Just wanted to point out that I have a new tab… RESEARCH OPPORTUNITIES.
And, yes, that means I am off-and-running with my latest research study. SO, PLEASE check it out if you are interested in getting involved – Specifically, I’m looking for care partners of persons with Alzheimer’s disease, dementia or Parkinson’s disease to fill out a questionnaire! *the 4 hours/week requirement could include basic housekeeping chores (laundry, dishes, cleaning), errands (shopping), transportation, cooking – I’m looking for people across all disease stages.
Pretty simple, and you could be doing your part to better understands unique care needs and experiences across disease groups.
… looking forward to hearing from you! much love.
As you read this, I’ll be landing in Montreal-Trudeau Airport after my redeye from Victoria… I’ll grab a coffee and a catnap and be ready to go!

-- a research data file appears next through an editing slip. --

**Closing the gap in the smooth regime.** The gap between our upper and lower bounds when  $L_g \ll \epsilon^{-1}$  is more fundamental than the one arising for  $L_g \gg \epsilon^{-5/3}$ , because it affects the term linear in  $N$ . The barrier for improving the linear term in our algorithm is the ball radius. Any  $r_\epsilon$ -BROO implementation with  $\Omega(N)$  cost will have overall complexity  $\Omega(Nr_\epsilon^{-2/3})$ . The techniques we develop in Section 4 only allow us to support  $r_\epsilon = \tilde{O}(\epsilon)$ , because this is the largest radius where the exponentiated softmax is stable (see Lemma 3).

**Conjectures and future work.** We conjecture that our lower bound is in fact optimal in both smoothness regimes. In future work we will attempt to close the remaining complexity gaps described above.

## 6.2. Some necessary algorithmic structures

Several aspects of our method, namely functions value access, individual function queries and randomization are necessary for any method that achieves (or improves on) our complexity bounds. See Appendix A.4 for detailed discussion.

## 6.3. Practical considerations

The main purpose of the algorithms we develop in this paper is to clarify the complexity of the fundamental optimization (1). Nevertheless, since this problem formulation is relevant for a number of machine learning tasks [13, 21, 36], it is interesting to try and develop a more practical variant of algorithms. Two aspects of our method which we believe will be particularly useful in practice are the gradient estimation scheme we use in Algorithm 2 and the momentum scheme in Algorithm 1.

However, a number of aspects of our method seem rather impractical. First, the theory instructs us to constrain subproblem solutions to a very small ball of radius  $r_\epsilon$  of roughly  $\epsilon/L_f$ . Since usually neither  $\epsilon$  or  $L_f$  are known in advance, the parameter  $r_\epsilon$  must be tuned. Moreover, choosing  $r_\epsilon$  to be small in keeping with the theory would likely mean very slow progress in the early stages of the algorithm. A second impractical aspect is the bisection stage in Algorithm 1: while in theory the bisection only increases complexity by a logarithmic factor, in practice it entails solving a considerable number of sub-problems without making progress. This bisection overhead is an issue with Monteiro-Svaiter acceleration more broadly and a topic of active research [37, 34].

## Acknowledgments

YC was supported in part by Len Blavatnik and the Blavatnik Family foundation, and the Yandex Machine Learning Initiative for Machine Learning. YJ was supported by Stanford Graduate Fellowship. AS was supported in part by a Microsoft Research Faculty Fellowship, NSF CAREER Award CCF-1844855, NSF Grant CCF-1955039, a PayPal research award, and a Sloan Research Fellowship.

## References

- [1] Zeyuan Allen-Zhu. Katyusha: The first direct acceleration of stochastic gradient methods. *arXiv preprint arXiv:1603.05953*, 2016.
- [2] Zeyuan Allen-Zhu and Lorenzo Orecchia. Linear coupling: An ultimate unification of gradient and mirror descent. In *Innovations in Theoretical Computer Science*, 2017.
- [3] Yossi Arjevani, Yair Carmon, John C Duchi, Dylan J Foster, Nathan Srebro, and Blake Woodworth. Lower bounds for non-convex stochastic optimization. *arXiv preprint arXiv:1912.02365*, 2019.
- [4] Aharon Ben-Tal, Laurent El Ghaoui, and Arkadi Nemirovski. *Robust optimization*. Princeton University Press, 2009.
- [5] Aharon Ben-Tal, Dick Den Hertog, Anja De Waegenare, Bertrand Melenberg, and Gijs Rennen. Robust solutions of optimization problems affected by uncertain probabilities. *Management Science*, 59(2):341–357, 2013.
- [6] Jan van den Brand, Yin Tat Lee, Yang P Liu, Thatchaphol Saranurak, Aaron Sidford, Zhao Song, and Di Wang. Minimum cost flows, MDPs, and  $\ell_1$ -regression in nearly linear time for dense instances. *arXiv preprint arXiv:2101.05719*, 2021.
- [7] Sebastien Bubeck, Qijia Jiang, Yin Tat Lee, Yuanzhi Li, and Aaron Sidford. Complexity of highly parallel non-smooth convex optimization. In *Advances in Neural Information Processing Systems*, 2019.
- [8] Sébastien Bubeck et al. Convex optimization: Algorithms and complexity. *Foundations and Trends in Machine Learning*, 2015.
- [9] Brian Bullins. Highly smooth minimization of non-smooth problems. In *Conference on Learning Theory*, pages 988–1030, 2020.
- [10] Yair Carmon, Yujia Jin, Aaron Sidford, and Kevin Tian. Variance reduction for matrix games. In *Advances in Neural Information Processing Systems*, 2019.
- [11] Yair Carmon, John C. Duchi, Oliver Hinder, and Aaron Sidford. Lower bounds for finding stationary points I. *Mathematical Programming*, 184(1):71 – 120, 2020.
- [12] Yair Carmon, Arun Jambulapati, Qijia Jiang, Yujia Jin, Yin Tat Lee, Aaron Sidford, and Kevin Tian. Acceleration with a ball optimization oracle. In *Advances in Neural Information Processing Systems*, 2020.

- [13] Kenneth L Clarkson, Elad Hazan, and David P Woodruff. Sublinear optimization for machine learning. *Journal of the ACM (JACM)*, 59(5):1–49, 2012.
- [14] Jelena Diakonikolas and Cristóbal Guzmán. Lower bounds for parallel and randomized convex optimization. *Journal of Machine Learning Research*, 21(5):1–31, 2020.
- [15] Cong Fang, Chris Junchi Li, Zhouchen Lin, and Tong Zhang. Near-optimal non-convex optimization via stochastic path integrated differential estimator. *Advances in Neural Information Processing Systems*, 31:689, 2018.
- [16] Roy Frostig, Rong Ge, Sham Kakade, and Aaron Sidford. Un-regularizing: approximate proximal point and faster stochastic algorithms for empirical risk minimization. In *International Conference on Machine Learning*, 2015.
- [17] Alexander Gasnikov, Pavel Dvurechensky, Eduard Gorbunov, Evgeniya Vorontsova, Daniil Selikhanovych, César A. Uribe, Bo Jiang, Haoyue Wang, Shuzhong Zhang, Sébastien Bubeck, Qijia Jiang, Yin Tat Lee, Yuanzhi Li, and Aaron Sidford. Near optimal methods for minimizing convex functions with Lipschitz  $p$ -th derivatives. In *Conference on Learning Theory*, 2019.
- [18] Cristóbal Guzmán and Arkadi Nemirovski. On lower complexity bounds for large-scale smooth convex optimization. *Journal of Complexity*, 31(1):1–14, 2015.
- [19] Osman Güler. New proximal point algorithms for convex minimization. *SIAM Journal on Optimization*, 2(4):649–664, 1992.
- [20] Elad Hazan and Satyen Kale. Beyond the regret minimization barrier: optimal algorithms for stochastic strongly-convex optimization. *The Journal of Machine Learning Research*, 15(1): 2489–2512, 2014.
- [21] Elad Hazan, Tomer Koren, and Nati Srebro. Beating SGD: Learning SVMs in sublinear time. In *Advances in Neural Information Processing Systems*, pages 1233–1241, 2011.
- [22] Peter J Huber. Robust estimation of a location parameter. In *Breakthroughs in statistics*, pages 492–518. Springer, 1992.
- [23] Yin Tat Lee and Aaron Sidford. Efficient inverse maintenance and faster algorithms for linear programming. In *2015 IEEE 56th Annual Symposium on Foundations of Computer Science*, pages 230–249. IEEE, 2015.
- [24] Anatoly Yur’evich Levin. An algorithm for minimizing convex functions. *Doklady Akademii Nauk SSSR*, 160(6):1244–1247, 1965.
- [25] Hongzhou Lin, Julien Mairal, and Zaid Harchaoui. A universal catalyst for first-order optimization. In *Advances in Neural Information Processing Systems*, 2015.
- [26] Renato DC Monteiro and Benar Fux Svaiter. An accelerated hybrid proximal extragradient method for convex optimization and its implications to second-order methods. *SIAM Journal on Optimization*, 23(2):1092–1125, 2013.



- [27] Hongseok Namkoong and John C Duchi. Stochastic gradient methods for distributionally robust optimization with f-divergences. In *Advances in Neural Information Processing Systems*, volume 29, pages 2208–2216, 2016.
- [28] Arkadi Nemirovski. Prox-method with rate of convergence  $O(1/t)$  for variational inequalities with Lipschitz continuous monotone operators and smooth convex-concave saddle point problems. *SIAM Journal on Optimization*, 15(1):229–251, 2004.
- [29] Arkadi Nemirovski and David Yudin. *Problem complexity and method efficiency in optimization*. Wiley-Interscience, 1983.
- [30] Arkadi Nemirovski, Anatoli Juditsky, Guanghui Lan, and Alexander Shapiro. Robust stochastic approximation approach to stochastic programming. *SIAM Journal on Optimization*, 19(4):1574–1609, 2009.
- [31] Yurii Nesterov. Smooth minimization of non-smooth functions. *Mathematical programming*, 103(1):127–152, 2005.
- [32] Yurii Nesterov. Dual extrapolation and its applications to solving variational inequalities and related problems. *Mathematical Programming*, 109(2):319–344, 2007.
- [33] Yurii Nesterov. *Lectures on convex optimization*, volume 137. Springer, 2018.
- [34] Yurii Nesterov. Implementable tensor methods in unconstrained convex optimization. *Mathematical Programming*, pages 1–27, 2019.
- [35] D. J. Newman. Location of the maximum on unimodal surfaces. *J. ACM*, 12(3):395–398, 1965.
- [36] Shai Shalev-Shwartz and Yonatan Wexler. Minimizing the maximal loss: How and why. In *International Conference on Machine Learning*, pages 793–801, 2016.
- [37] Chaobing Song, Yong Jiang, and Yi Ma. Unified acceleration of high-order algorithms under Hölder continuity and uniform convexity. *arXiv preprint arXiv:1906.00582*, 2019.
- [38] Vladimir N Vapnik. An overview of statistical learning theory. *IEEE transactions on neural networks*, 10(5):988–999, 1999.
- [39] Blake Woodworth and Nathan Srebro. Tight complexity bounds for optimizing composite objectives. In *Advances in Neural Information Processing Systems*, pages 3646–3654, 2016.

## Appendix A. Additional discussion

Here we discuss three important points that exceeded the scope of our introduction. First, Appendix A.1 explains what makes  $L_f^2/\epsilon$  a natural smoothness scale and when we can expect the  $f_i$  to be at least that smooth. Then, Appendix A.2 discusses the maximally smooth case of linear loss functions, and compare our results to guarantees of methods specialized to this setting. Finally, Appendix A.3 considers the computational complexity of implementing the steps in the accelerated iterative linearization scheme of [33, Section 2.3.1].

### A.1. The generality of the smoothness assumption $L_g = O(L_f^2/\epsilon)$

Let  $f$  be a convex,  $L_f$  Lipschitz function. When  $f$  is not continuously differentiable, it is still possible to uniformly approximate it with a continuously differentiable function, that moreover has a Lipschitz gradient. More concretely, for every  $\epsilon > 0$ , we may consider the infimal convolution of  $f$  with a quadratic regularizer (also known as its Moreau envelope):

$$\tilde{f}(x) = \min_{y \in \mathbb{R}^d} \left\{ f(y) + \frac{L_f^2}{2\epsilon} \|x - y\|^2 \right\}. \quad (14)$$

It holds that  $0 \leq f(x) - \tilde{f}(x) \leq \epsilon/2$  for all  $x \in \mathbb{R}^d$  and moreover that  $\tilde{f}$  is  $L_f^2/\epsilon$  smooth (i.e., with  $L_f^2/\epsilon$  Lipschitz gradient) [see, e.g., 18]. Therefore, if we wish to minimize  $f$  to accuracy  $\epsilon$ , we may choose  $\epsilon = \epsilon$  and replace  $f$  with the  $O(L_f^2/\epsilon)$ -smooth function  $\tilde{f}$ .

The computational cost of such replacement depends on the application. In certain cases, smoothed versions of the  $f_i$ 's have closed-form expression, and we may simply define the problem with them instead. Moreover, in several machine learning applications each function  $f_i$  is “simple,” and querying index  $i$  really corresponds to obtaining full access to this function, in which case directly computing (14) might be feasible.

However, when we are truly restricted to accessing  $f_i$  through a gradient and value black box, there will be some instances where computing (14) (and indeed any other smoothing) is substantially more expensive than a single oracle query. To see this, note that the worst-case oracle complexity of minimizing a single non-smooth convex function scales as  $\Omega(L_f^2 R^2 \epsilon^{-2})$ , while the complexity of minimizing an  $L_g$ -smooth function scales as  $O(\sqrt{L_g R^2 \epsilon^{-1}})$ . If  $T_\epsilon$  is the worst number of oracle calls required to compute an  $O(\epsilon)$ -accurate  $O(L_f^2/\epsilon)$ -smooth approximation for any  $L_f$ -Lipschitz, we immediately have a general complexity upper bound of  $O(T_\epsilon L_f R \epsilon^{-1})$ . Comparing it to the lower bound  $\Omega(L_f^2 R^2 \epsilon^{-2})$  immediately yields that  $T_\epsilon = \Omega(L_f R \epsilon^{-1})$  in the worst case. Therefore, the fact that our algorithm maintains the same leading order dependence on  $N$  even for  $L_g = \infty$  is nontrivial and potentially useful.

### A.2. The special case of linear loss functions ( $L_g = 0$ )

If you’re around, stop in and see me… or send me an email, I’d love to meet up!
- Renewal Room Wed 8-9am Yoga with Renee and myself
- Renewal Room Wed 415-515pm Yoga with Renee and myself
- Renewal Room Thurs 8-9am Let Your Yoga Dance (i’ll be assisting Megha!)
- Poster Session Thurs 11:30-1:30pm #P10.07, room 220C
- Renewal Room Thurs 5:15-6:15 Let Your Yoga Dance (i’ll be assisting Megha!)
I will have a full-update later next week… jusque-la, je serai a la belle ville de montreal, a bientot! beaucoup d’amour.
this summer, some great stem cell research with implications for Parkinson’s disease came out of the Centre for Brain Research Centre at Aukland University, New Zealand.
in the brain, a slippery coating (polysiatic acid) on brain cells enable them to move easily to their destination, connect with other brain cells and turn into neurons. once they reach their target, the slippery coating is removed and the cell gets locked in place.
researchers have found that in neurodegenerative diseases, like Parkinson’s disease and Alzheimer’s disease, there is an oversupply of insulin that blocks the process of removing the slippery coating. They are currently working on drugs that will act to increase the amount of reabsorption to help brain cells re-connect with each other. This is a clue to the decrease in brain plasticity seen in neurodegenerative diseases.